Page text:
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5 facts about Marie Curie, chemist, physicist, and Nobel legend

She was the first woman to win one – much less two – Nobel Prizes

Lauren Mackenzie Reynolds


McGill University

In Warsaw, there is a museum dedicated to the life of Marie Skłodowska Curie, located in the house she where she was born. In this museum there is a plaque with a quote from her that says, “It is a short, simple history, lacking great events. I was born in Warsaw, in a professor’s family. I married Pierre Curie and I had two children. My scientific work I did in France.”

Biggest. Understatement. Ever.

1. She’s got a lot of firsts

Sure, she's the first woman to win a Nobel prize. But she was also the first – and still to this date the only – person to win two Nobel prizes in two different science fields. She won the Nobel prize in physics with Pierre Curie and Henri Becquerel in 1903 for their research in radiation. And in 1911, she was awarded a solo chemistry prize for discovering polonium and radium. She is also part of the only mother-daughter team to win Nobels – her daughter, Irène Joliot-Curie, won her own Nobel prize in 1935.


Additionally, Marie Curie was the first woman to be appointed as faculty at the École Normale Supérieure, and then went on to be the first to become a professor at the University of Paris. She was also the first woman to be honored with an interment at the Panthéon – a mausoleum in the center of Paris containing the remains of the most honored and distinguished French citizens.

2. She was a World War I hero

After the outbreak of WWI, Curie saw a need to bring scientific advancement to the front lines. The sooner soldiers could be operated on the better their outcomes, but at the time most diagnostic equipment, like X-ray machines, were limited to city hospitals. She developed mobile radiography units by outfitting cars with X-ray equipment and generators, and then enlisted a group of women, including her then 17-year-old daughter, to run them. These mobile units became known as Petites Curies ("Little Curies").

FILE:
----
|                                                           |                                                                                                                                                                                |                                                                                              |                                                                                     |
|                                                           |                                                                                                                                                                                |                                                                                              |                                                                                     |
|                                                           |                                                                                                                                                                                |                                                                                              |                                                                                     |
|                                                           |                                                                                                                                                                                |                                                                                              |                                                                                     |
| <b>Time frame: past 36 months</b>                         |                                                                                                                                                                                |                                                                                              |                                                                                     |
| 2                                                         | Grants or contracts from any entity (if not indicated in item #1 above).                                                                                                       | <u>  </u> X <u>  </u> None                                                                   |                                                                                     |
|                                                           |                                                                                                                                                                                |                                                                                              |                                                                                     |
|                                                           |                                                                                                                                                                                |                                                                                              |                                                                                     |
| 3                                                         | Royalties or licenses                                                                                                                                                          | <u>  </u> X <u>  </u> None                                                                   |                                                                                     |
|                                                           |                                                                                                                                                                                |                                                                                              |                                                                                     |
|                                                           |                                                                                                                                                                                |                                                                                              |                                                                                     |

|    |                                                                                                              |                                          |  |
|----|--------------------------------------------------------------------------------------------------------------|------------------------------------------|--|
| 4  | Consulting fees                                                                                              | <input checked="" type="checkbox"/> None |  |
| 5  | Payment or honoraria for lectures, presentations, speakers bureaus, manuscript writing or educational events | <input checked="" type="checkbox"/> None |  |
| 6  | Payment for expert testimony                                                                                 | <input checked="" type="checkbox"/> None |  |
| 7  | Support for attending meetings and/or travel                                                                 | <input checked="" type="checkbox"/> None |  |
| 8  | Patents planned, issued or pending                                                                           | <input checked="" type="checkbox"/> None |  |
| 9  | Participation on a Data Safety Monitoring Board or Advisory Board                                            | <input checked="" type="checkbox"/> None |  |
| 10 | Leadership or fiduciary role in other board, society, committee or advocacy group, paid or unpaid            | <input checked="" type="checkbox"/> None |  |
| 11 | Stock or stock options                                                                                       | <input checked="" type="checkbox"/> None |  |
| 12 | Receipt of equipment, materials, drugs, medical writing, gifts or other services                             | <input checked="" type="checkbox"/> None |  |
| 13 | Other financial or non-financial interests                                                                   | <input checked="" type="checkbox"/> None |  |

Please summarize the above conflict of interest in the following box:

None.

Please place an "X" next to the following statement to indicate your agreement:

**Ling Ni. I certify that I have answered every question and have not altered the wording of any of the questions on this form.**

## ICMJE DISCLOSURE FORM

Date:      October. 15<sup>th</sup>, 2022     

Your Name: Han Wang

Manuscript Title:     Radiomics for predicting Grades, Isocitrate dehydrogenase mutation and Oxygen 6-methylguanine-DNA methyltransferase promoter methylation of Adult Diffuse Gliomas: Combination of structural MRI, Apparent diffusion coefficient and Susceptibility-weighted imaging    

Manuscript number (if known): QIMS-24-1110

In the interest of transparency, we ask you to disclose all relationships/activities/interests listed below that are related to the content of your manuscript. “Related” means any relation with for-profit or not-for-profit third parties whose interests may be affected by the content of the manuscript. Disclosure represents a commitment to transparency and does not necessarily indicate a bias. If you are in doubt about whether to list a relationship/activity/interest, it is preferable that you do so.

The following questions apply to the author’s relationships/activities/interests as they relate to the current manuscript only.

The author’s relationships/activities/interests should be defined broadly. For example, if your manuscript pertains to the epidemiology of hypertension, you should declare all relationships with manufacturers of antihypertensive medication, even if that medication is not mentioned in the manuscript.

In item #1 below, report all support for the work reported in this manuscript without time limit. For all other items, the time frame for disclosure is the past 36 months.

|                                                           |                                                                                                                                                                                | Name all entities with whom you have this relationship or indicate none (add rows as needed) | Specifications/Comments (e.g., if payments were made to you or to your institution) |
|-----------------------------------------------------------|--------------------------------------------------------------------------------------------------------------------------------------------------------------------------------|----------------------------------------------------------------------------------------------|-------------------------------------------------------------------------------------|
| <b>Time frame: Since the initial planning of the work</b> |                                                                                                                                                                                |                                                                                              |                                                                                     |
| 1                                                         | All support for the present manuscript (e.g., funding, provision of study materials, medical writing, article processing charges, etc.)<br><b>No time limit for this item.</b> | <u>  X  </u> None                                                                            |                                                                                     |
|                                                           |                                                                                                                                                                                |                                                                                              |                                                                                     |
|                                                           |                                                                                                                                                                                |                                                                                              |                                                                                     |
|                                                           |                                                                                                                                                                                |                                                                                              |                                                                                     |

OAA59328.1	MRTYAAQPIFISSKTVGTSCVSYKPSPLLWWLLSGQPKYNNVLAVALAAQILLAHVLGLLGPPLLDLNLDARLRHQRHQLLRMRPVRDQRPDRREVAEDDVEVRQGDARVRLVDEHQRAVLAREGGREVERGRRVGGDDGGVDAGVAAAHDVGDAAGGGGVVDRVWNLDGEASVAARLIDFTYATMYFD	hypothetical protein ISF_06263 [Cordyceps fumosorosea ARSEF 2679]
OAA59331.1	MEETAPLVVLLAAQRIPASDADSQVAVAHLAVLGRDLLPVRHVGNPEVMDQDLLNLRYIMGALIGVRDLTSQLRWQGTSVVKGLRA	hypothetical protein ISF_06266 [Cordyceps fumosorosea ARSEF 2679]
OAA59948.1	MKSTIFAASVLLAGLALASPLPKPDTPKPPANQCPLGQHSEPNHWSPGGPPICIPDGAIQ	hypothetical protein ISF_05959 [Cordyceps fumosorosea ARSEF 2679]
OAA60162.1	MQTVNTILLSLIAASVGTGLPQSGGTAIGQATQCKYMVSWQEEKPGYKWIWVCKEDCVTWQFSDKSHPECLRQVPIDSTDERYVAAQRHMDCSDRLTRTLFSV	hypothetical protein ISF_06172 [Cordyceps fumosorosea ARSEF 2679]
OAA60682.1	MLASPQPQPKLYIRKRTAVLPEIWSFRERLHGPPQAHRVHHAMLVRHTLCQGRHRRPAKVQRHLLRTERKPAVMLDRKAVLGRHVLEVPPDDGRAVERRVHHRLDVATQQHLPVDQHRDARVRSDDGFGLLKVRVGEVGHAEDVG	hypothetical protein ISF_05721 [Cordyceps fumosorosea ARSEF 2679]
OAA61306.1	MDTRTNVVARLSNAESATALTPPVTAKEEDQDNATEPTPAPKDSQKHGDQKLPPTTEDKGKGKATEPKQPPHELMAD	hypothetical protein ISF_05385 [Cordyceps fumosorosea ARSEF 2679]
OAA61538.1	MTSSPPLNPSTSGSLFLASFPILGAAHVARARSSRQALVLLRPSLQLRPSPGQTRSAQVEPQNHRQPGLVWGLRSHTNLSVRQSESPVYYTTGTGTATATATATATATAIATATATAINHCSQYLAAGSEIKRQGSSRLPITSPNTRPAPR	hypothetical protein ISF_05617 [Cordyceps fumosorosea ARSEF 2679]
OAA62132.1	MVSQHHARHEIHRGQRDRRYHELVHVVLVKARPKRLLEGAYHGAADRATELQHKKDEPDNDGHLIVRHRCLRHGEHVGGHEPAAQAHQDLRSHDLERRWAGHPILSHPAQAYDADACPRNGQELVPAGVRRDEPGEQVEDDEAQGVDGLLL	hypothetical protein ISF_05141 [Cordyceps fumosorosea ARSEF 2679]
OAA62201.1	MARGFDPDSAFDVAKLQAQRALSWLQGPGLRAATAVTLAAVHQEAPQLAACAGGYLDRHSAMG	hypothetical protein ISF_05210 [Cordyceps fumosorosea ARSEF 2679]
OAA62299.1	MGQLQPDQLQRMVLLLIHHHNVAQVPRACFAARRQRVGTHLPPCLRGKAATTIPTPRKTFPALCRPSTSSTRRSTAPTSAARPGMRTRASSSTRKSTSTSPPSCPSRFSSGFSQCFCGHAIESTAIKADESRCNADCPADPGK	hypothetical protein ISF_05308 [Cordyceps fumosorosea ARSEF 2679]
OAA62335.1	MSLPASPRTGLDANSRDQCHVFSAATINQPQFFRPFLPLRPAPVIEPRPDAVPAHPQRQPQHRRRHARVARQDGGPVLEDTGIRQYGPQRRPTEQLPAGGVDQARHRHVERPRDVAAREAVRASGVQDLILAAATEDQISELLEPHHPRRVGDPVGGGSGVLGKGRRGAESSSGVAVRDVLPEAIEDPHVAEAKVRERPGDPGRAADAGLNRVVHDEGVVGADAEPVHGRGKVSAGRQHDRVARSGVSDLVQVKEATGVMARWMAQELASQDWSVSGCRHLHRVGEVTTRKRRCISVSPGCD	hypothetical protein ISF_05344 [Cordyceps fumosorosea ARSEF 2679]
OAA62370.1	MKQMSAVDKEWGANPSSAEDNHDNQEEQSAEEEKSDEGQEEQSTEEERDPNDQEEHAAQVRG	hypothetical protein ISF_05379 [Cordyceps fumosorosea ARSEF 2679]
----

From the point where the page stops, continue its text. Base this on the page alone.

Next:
Curie made 20 mobile radiological vehicles and installed 200 more at field hospitals. Over a million wounded soldiers are estimated to have been diagnosed with her X-ray units.

Une Petites Curie

Domaine public

3. She actually went by her full name: Marie Skłodowska Curie

Even after becoming a French citizen, Curie retained her Polish identity. She hired a governess to teach her daughters Polish, and took them on visits to her homeland. She even named the first chemical element that she isolated in 1898‍ after her native country, calling it Polonium.

4. She and her husband made a great team

Marie Skłodowska met Pierre Curie in 1894 while she was looking for laboratory space, and found in him a dedicated partner for life and for science. Despite their mutual love and admiration, Pierre Curie had to propose twice before she agreed to marry him – she was still planning to return to Poland. He, however, would not be dissuaded. He told her that he would go to Poland with her, even if all he could do there was teach French. They married in 1895.

Pierre, Irene, and Marie

Domaine public

In 1903, Pierre Curie was tipped off that only he and Henri Becquerel were nominated for the Nobel Prize. He insisted on his wife's inclusion in the nomination. They were inseparable – bicycling, traveling, and discovering elements together – until his death in a road accident in 1906. She was devastated by his death, and carried on with her work in his memory.

5. There was a very public scandal around her second Nobel prize – and not because of the science

With the Nobel committee poised to honor her with her second Nobel prize, this time in chemistry, she became the unlikely center of a sex scandal.

She had been seeing physicist Paul Langevin, a former student of Pierre Curie, for about a year. The problem was that he was married at the time, and his wife was not keen on the arrangement. Madame Langevin chose to reveal the details of the affair publicly only a few days before Curie's second Nobel prize was announced. At first, the public derision looked like it might be enough to keep her from claiming the prize in person. But an encouraging letter from Albert Einstein helped – she made her way to Sweden to dine with the king.